Aisha refrained from pointing out that she could be the one getting shot if the government had closed its doors on outsiders five years ago. And where could these people go if not towards the Arctic and the Antarctic regions? Global sea levels had risen considerably over the past several decades, shrinking the land area on earth. Hurricanes had increasingly become more potent and frequent, killing millions of people. Most of the earth’s land area had become uninhabitable due to the awfully high temperatures and the extreme weather conditions.
Even in the Polar Regions, the snow cover was rapidly shrinking. The thawing of the permafrost (the soil that remains frozen year-round and locks up organic material like dead plants) was causing the organic material to decompose, releasing carbon dioxide, methane and nitrous oxide (all greenhouse gases), and leading to landslides and sudden land collapses. Many incidents of thawing permafrost releasing long-buried microbes had been reported in northern Europe, as in 2079 when a cache of buried deer carcasses thawed and caused an outbreak of anthrax.
In short, the world was going to hell.
Aisha realized she was amongst the lucky ones who had made it safely to the Arctic Circle while the Russians were still allowing foreigners to enter and stay.
“Let’s finish the task?” she said, rising.
With the icy wind freezing their faces, Dmitry and Aisha slid down the snow slope to the barbed wire fence where the body lay.
“Let’s turn him over. It will be easy to drag him,” said Dmitry and turned over the body without waiting for an answer.
“I’ll get the legs,” Aisha said quickly, wanting to be away from the man’s face. Because to look at his face would make him human and her actions abhorrent.
They dragged the body towards the freshly dug grave, passing by several other graves and leaving a trail of red on white.
“You shoot the next one,” said Dmitry as they dropped the body into the grave.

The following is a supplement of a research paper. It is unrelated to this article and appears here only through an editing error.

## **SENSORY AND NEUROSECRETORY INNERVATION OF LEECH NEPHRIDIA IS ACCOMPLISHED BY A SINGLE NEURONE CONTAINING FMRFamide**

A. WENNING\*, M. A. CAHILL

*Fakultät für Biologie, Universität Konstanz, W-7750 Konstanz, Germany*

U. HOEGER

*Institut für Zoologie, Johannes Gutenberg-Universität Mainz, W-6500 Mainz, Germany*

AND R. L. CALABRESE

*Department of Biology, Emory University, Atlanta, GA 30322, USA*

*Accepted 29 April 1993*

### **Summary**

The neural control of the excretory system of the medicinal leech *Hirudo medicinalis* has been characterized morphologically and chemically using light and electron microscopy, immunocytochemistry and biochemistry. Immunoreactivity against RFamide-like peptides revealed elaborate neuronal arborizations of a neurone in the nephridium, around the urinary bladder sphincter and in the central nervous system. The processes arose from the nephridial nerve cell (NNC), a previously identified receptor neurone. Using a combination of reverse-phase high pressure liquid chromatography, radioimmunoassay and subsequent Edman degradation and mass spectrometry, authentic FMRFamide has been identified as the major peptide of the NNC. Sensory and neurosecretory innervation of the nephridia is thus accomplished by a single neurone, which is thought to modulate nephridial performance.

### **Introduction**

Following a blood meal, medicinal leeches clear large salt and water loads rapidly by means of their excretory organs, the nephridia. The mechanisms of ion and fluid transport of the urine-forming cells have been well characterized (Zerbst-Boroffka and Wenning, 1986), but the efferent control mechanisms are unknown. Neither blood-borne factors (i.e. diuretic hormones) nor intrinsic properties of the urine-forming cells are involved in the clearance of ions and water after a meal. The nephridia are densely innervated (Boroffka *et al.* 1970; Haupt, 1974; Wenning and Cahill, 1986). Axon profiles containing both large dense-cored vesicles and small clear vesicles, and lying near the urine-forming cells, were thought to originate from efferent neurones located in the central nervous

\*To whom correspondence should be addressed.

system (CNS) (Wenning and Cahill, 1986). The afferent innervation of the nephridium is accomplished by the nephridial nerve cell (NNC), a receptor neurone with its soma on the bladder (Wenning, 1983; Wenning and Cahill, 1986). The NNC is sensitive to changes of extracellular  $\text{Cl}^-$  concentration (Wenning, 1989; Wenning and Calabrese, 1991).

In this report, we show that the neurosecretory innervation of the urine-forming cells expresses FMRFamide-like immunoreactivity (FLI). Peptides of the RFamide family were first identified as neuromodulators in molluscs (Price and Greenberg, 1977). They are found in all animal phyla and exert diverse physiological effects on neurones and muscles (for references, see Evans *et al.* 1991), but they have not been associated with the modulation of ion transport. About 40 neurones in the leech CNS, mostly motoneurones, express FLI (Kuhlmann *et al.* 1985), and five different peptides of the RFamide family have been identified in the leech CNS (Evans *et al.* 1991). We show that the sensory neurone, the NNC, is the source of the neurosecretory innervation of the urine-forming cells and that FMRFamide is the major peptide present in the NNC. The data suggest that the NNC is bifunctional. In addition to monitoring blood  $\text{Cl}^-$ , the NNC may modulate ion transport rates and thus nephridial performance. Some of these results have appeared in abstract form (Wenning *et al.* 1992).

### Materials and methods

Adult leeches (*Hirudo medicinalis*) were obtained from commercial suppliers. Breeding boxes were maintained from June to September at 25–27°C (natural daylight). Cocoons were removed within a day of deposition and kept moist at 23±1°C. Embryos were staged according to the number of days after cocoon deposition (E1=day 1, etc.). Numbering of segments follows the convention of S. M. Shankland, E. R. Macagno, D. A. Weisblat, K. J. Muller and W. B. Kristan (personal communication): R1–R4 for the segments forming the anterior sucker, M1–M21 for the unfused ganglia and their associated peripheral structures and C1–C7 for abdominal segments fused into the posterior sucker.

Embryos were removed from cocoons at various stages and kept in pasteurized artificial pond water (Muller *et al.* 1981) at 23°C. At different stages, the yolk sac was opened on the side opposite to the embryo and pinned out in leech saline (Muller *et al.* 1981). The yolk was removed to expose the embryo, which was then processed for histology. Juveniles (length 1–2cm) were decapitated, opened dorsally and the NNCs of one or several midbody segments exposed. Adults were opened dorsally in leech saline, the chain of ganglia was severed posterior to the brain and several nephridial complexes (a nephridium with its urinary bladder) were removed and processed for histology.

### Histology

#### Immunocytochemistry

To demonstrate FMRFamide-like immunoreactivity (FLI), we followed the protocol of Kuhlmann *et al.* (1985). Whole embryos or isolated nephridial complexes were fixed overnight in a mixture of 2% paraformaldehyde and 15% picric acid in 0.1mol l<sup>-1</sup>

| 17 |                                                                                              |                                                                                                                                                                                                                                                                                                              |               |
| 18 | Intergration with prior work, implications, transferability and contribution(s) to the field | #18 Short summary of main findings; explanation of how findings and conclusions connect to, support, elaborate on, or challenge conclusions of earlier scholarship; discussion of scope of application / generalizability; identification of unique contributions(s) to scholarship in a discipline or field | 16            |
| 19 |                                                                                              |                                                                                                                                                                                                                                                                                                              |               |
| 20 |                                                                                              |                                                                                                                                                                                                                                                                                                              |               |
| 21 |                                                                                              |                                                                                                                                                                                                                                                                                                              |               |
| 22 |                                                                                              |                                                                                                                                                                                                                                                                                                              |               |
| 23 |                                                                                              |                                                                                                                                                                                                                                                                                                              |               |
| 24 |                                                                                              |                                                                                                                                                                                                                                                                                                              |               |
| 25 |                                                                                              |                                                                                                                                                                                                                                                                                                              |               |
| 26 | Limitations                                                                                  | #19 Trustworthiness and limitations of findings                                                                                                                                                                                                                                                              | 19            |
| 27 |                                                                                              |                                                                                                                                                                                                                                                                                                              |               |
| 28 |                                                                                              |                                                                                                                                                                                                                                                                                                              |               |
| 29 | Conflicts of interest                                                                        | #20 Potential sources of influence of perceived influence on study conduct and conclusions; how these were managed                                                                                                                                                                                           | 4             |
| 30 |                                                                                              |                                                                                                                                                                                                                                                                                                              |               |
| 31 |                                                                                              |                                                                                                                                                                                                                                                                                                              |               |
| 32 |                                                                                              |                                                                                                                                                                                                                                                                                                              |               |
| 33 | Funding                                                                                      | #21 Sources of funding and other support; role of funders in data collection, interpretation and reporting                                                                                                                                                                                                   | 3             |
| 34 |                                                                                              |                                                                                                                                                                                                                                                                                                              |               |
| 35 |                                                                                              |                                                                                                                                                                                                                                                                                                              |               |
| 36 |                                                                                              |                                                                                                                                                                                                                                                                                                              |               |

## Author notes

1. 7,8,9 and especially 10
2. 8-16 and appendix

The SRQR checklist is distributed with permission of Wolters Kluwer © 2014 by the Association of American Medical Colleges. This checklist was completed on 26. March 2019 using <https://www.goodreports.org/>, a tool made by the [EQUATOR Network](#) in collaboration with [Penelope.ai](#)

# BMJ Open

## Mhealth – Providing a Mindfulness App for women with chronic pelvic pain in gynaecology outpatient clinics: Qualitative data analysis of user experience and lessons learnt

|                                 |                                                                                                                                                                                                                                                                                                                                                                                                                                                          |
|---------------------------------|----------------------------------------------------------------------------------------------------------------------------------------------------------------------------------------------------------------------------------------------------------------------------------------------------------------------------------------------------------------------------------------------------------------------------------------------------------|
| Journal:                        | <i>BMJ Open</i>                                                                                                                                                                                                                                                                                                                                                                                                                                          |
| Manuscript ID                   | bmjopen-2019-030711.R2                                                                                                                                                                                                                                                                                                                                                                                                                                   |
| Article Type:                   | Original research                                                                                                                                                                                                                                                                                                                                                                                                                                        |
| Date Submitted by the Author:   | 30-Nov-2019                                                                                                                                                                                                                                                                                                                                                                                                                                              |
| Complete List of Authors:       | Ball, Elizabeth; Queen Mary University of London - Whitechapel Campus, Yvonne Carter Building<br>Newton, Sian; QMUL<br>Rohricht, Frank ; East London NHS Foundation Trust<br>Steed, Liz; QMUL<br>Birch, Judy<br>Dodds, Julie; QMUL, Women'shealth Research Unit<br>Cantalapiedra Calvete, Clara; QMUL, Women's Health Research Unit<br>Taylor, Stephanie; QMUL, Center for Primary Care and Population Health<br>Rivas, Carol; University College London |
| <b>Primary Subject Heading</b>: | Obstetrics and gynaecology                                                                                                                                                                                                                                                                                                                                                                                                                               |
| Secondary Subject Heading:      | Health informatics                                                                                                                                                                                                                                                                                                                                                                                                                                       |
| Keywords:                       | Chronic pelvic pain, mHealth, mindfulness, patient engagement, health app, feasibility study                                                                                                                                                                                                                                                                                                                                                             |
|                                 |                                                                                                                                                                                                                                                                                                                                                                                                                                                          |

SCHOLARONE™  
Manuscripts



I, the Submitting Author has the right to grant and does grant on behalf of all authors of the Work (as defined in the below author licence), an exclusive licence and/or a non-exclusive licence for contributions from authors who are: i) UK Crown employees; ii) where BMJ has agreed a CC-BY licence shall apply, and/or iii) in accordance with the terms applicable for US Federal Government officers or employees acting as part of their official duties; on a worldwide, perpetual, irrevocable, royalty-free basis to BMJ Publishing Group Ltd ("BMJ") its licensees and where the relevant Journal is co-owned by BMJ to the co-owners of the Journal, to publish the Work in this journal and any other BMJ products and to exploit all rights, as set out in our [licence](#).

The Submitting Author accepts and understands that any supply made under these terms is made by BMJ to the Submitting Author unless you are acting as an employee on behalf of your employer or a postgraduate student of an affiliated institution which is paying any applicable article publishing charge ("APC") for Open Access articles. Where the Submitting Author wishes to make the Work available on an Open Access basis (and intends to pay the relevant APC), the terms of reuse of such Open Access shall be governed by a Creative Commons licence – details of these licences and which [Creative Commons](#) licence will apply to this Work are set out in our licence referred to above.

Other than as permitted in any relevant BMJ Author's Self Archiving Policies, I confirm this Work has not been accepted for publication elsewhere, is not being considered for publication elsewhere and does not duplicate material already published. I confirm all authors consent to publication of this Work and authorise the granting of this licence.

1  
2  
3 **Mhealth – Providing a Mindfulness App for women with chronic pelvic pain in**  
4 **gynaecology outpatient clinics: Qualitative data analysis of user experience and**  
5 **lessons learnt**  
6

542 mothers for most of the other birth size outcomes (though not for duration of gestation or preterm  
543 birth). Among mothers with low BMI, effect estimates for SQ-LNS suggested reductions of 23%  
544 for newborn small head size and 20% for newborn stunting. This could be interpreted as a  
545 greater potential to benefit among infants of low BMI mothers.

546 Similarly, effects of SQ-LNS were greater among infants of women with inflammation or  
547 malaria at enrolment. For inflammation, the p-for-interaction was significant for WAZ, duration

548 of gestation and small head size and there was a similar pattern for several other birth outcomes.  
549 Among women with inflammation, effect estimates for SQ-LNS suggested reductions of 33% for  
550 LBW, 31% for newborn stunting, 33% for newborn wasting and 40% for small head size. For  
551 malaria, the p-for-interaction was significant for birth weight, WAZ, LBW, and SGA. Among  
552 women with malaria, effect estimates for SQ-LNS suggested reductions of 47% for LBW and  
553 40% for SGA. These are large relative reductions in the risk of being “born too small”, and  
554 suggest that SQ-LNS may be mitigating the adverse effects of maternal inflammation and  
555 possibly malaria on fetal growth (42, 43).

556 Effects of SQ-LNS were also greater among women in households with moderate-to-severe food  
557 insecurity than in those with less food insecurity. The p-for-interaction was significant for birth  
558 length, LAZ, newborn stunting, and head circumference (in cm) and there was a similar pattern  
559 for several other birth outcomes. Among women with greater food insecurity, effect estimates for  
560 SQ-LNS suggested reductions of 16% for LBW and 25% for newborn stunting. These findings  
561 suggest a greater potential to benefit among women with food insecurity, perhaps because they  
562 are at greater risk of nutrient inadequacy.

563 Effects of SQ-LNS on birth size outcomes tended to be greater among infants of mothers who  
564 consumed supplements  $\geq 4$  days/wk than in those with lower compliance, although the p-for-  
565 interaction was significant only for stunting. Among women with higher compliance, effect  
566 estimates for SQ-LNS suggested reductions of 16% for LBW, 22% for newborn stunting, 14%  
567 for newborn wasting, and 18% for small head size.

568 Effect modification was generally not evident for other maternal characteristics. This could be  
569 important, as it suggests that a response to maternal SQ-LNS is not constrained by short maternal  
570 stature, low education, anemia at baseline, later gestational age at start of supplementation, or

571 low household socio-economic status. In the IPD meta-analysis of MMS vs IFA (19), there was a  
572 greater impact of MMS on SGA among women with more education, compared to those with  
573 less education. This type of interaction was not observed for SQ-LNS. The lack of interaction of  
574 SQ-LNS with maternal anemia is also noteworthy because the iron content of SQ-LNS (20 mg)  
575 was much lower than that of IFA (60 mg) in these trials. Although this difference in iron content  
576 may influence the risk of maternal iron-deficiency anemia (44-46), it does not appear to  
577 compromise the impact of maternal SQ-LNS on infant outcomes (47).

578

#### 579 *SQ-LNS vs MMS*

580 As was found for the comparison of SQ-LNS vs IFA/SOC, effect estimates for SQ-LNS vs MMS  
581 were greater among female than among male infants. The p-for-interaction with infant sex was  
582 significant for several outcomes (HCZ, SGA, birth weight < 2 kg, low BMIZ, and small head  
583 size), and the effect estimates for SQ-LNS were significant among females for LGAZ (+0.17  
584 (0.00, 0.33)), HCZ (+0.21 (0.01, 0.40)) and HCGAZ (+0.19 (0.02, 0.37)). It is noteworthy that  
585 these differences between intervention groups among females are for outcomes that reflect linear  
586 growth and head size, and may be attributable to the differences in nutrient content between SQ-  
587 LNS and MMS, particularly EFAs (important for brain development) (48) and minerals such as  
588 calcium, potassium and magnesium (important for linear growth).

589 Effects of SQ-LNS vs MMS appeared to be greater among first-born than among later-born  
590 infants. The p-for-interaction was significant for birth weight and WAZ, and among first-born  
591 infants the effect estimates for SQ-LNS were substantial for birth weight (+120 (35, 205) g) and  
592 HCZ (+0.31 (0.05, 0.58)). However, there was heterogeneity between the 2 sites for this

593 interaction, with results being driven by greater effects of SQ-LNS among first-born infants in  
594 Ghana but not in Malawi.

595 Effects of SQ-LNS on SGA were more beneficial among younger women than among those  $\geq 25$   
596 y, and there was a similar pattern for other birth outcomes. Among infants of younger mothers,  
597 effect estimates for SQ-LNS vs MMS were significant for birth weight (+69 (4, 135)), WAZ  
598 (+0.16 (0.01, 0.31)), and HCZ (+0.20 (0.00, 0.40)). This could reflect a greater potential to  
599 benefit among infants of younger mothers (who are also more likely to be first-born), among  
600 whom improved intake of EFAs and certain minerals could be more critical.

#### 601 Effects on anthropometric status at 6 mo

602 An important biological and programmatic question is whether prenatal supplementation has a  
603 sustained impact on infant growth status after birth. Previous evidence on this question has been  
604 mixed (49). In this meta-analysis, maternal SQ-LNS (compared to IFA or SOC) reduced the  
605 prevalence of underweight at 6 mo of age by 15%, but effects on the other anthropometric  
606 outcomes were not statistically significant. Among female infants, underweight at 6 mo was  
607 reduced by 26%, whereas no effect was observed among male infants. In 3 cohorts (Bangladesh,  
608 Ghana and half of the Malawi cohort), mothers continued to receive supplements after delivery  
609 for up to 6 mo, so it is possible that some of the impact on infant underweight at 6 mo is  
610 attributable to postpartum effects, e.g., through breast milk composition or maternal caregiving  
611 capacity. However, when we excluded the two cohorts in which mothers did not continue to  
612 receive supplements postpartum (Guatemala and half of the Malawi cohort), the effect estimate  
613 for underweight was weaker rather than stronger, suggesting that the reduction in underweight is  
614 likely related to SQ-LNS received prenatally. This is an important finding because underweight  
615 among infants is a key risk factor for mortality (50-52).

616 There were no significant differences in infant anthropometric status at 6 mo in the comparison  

Aisha nodded. Denying a direct command from a senior officer was not an option.
“Have you thought about marriage?” Dmitry asked casually as he began shovelling the snow into the grave.
“No, not really,” said Aisha. With the passage of time, lying had become easier for her.
The longing for a cherished dream tugged at her heartstrings. How many times had she envisioned herself in a red and gold wedding dress with the gem-studded sukele — the conical-shaped hat studded with gold and silver coins, pearls, corals, feathers and tassels — over her head and Alikhan lifting her veil to the tunes of the dombra.
When she was ascending the Ural Mountains with her family, Aisha was almost hoping that they’d be denied entry into Russia and would have to return home, back to Alikhan, her childhood friend and the love of her life.
One of the reasons Aisha had opted for a job with Border Security was she was hopeful that maybe, just maybe, one day Alikhan and his family would arrive at the barbed wire fence. Oh, the sweet joy of seeing him again! She would run into his arms and cling to him and tell him she loved him. The thought was irresistibly delicious.
“Why are you smiling?” said Dmitry, handing her the shovel.
“Nothing,” she said.
“What were you thinking about?” he pressed.
“We finally got electricity last week. It’s just two hours a day, but it’s better than nothing,” she said.
With most of the world’s surviving population cramped in just 8% of the land area on earth, basic amenities like water and electricity had become scarce. Aisha and her family of five lived in a small 800 square feet apartment in a building that housed hundreds of other families who had arrived from Kazakhstan, China, India, Pakistan and other Asian countries over the past decade.
Most of the surviving European population had found new homes in the Scandinavian countries that had initially been more charitable in welcoming foreigners but had recently shut their doors to outsiders. Those who were unfortunate to be stuck in the temperate regions had nowhere to go. Life in the equatorial regions had died several years ago, killing one-third of the animal species and half of the plant species on earth.